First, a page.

About an hour later I noticed everyone else missing, I finally tracked them all to the galley. It was feeding time at the zoo. 40-50 truckers stuffing their faces like they’d never eaten before. I dutifully joined in. I was soon approached by an English-speaking guy and a list of questions. They all wanted to know who I was and what I was doing ect. After they were informed the usual stories came out, the fact that everywhere is dangerous and I shouldn’t go here or there and I defiantly shouldn’t go to Guatemala, “you’ll surely get killed there I heard”.I’m sick of these stories so now I just excuse my self and wander off. I don’t care if everywhere is dangerous, I’m still going. Half of them guys on the boat looked like they’d rob you and throw you overboard in a heart beat too if they thought they’d get away with it. After dinner I retired to my piece of rusting green floor and settled in for the night. I read till the light was no more than relaxed in a warm gentle breeze to the sound of the waves breaking off the bow whilst lying beneath the stars. It was good to have someone else drive for a while.
I awakened from a great nights sleep to the sound of the fog horn to find I hadn’t been robed or killed. We were actually approaching the dock too, a hole 4 hours earlier than scheduled. I had missed breakfast completely but I didn’t care. I just wanted to ride. I had to head down and unstrap my bike because it was blocking everyone else from leaving. As soon as the door opened I was off, off as far as the nearest restaurant. I fueled my gut filled the bike with oil and gas and headed off south into the unknown. All I knew is I felt like riding an that’s what I was gonna do. Mainland Mexico is nothing like Baja, green vegetation and trees are everywhere instated of cacti and dirt. It resembles Europe in places. Also I found out that if I stay away from the coast it’s not so warm so I’ve change my route accordingly. I ended up 800km away from the port of Mazatlan where I started this morning in a town called Morellia. It was one of the Spanish settlers first cities and it’s real nice. Apparently the police and the drug cartels have been fighting over the place for the last 5 years. I’ve been told it doesn’t affect tourists though, not since one of the drug lords muppets threw hand grenades into the crowd at a festival in 2009 anyway’s.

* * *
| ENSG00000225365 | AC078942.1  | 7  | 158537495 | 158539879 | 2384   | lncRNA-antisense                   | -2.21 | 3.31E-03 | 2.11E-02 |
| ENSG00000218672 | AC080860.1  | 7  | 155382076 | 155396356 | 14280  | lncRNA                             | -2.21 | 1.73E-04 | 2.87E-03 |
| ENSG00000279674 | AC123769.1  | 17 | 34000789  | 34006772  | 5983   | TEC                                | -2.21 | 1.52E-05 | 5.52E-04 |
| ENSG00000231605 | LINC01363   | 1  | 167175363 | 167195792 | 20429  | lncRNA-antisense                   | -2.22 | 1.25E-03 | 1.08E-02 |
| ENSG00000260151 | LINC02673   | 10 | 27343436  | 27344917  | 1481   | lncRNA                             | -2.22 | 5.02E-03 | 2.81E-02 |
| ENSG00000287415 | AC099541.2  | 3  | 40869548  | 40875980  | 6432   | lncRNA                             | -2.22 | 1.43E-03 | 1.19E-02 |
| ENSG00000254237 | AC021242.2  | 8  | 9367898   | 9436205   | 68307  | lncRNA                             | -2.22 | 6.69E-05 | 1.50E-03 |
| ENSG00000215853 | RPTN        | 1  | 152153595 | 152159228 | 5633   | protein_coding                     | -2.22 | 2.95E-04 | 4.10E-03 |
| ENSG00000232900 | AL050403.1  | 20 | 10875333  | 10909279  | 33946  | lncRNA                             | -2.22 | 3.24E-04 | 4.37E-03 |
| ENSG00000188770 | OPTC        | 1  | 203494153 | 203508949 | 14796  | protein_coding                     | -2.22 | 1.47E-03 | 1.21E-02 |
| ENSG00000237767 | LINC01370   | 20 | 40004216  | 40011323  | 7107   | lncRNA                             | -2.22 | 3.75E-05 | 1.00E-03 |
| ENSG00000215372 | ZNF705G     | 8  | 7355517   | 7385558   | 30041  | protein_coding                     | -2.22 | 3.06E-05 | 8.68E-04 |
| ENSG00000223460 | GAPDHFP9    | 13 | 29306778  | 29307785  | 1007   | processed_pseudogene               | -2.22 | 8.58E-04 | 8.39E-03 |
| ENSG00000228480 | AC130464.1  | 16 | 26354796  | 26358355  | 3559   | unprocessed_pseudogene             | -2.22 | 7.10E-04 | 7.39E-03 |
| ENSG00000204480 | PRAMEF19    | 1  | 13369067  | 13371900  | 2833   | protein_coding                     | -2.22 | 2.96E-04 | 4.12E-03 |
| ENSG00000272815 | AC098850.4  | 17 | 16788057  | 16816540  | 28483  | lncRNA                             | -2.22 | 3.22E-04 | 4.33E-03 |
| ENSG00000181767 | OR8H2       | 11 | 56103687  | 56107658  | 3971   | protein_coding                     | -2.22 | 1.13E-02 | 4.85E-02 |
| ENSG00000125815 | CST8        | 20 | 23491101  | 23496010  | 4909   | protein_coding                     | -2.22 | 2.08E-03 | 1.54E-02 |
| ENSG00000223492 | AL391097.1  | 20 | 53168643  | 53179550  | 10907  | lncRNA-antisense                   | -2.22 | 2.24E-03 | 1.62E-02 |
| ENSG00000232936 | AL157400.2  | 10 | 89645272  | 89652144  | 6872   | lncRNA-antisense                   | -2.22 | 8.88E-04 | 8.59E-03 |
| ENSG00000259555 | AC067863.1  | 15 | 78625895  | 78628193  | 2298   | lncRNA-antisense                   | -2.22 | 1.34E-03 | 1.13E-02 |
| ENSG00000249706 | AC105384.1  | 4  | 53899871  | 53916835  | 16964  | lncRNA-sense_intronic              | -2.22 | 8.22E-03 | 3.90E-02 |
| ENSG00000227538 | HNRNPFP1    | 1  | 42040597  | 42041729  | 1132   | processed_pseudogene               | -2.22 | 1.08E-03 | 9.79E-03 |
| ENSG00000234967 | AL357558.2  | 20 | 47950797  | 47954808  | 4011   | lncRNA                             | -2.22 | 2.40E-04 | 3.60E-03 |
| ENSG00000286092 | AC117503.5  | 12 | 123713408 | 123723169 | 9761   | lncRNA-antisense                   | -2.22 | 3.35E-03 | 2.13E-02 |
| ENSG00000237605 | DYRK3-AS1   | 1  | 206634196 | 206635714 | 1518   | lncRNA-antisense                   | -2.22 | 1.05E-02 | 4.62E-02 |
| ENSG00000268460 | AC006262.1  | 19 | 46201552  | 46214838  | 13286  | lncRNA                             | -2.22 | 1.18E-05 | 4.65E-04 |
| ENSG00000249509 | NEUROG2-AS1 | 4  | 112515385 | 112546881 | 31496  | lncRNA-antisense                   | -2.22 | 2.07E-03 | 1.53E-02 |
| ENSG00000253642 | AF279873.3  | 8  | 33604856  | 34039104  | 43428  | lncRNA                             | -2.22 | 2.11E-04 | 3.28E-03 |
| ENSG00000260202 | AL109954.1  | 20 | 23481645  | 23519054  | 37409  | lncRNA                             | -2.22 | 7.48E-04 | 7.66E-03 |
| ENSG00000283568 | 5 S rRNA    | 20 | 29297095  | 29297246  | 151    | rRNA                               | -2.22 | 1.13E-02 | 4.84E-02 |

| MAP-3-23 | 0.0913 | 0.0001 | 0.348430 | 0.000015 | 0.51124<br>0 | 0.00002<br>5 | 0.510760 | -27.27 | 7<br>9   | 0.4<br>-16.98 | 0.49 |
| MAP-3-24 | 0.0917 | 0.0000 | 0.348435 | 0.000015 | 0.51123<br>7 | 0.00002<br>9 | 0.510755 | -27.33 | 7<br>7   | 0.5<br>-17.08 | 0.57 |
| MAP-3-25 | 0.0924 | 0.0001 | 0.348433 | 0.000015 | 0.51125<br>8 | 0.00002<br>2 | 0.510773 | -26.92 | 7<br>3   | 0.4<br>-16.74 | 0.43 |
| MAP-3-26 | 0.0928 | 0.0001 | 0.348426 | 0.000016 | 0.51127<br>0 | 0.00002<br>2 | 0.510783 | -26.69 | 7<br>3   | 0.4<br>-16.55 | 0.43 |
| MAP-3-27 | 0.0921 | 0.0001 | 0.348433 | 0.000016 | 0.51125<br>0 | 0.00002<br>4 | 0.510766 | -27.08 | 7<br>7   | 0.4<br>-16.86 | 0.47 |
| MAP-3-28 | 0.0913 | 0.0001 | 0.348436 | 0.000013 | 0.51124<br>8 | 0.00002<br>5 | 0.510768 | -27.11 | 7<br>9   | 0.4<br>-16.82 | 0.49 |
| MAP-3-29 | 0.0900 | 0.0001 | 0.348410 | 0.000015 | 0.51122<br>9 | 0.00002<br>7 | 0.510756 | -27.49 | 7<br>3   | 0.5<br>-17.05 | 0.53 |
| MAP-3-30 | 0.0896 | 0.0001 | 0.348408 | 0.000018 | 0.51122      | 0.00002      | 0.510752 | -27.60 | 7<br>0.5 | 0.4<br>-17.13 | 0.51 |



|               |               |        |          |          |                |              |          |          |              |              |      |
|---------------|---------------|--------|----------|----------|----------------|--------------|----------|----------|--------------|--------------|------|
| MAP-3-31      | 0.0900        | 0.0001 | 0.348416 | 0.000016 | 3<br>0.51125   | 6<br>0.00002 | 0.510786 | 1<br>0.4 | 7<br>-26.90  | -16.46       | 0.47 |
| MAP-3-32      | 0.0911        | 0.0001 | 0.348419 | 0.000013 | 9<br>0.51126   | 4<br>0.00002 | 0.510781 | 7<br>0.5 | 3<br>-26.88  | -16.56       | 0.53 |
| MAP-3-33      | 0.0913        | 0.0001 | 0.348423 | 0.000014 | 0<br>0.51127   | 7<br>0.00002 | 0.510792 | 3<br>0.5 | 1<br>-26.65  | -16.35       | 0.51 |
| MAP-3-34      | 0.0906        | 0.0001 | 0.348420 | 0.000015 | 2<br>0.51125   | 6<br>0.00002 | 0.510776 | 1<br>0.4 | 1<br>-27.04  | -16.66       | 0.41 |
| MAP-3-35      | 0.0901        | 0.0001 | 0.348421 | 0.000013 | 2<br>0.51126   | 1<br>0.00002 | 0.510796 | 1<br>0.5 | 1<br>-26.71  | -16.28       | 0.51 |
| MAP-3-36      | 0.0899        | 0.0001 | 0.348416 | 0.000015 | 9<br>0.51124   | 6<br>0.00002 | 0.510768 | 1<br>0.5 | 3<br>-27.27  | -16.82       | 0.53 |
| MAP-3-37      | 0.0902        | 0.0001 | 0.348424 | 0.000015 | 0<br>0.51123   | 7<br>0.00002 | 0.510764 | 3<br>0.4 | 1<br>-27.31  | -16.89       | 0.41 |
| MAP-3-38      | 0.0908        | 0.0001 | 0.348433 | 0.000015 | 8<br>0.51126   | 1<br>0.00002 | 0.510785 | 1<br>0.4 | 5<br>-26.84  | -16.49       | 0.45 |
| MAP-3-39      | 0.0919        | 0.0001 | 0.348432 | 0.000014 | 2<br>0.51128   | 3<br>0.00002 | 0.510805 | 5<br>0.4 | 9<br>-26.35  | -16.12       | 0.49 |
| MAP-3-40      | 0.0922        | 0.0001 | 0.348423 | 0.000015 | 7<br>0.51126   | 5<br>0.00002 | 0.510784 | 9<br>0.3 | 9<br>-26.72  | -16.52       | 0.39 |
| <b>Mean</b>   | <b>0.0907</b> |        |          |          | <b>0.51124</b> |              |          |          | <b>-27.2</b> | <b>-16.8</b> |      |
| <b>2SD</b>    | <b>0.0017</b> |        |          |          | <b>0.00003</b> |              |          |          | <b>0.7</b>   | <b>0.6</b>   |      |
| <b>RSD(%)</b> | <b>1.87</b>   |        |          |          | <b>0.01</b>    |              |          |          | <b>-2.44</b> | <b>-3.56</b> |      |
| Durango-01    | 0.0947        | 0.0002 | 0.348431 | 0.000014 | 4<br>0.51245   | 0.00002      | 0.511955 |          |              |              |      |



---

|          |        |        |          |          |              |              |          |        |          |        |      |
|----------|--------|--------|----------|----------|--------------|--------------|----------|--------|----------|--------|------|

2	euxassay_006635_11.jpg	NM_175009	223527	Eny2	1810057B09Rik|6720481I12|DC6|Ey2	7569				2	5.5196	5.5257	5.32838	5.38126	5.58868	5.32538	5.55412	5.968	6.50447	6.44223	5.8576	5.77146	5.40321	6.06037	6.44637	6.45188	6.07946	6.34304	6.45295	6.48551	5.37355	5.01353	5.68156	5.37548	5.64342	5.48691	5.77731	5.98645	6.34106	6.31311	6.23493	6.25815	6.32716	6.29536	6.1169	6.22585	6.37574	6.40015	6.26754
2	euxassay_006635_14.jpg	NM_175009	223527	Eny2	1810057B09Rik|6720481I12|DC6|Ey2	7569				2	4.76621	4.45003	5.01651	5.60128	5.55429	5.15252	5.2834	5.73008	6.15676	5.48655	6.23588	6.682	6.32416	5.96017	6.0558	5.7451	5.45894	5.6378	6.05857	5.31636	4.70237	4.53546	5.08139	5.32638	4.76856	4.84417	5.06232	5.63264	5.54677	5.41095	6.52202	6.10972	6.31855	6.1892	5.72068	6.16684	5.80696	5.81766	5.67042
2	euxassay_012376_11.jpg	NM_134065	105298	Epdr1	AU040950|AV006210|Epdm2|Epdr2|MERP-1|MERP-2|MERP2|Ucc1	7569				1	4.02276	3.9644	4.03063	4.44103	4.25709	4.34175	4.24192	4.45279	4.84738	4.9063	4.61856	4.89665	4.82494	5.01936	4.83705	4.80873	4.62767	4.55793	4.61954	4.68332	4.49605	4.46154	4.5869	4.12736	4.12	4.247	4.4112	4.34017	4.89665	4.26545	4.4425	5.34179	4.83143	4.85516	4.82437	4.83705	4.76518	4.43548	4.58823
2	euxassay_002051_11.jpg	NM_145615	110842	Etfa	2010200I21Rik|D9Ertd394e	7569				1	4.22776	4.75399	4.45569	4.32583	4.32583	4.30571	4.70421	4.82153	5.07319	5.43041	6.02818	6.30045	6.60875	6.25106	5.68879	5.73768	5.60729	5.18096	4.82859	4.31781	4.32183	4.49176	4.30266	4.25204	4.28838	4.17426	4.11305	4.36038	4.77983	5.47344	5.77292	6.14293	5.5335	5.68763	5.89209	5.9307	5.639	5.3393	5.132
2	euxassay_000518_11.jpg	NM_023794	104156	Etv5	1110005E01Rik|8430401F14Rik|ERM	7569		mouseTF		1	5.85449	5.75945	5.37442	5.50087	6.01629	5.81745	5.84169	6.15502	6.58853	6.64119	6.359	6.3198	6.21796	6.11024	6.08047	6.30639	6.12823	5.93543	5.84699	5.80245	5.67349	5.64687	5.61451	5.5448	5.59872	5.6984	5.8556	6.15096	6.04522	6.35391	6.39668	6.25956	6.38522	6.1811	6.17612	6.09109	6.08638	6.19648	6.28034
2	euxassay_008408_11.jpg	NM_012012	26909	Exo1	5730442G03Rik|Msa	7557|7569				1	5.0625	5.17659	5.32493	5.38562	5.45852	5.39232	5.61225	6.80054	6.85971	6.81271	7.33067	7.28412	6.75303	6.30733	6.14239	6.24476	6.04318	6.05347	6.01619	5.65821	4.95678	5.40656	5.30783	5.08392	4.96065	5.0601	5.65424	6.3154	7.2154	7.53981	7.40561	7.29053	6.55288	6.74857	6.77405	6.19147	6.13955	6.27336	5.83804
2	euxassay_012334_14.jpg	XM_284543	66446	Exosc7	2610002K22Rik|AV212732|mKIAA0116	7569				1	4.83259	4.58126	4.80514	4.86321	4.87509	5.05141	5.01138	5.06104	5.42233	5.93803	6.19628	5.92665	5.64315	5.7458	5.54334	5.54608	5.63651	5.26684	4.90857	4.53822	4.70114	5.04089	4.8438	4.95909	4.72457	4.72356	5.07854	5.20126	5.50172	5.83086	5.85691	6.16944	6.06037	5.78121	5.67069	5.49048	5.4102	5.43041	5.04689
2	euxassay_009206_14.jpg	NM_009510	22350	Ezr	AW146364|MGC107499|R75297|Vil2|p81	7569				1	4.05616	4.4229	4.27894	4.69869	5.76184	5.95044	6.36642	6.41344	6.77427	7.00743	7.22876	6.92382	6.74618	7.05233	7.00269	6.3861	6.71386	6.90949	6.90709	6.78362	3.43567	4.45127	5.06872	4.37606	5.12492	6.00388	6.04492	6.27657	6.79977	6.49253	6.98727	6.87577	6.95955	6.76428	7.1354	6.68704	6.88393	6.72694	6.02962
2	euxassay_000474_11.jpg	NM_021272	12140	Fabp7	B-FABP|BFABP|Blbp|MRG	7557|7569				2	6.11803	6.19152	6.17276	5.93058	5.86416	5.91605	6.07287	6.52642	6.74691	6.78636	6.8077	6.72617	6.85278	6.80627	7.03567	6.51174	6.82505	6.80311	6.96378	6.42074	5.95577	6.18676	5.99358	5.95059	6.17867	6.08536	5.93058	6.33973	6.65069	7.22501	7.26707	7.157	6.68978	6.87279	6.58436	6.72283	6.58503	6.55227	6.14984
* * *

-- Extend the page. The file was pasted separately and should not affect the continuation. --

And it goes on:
Great writing Kev, painting a great picture in my head .Take care .
sounds like you are having a real blast. Keep up the great writting. I be entering Mexico soon myslef.
As I’m working for BMW Motorrad in Cork, finding this site interesting, we’ve a few riders in doing similar but not all continents, Super photos… Steve Joyce, Ballincollig.
sounds all good mate….leaving WA for the moto gp with 7 mates from Brockman mine….nice to have another 6 weeks or so of bike travel….cheers geoff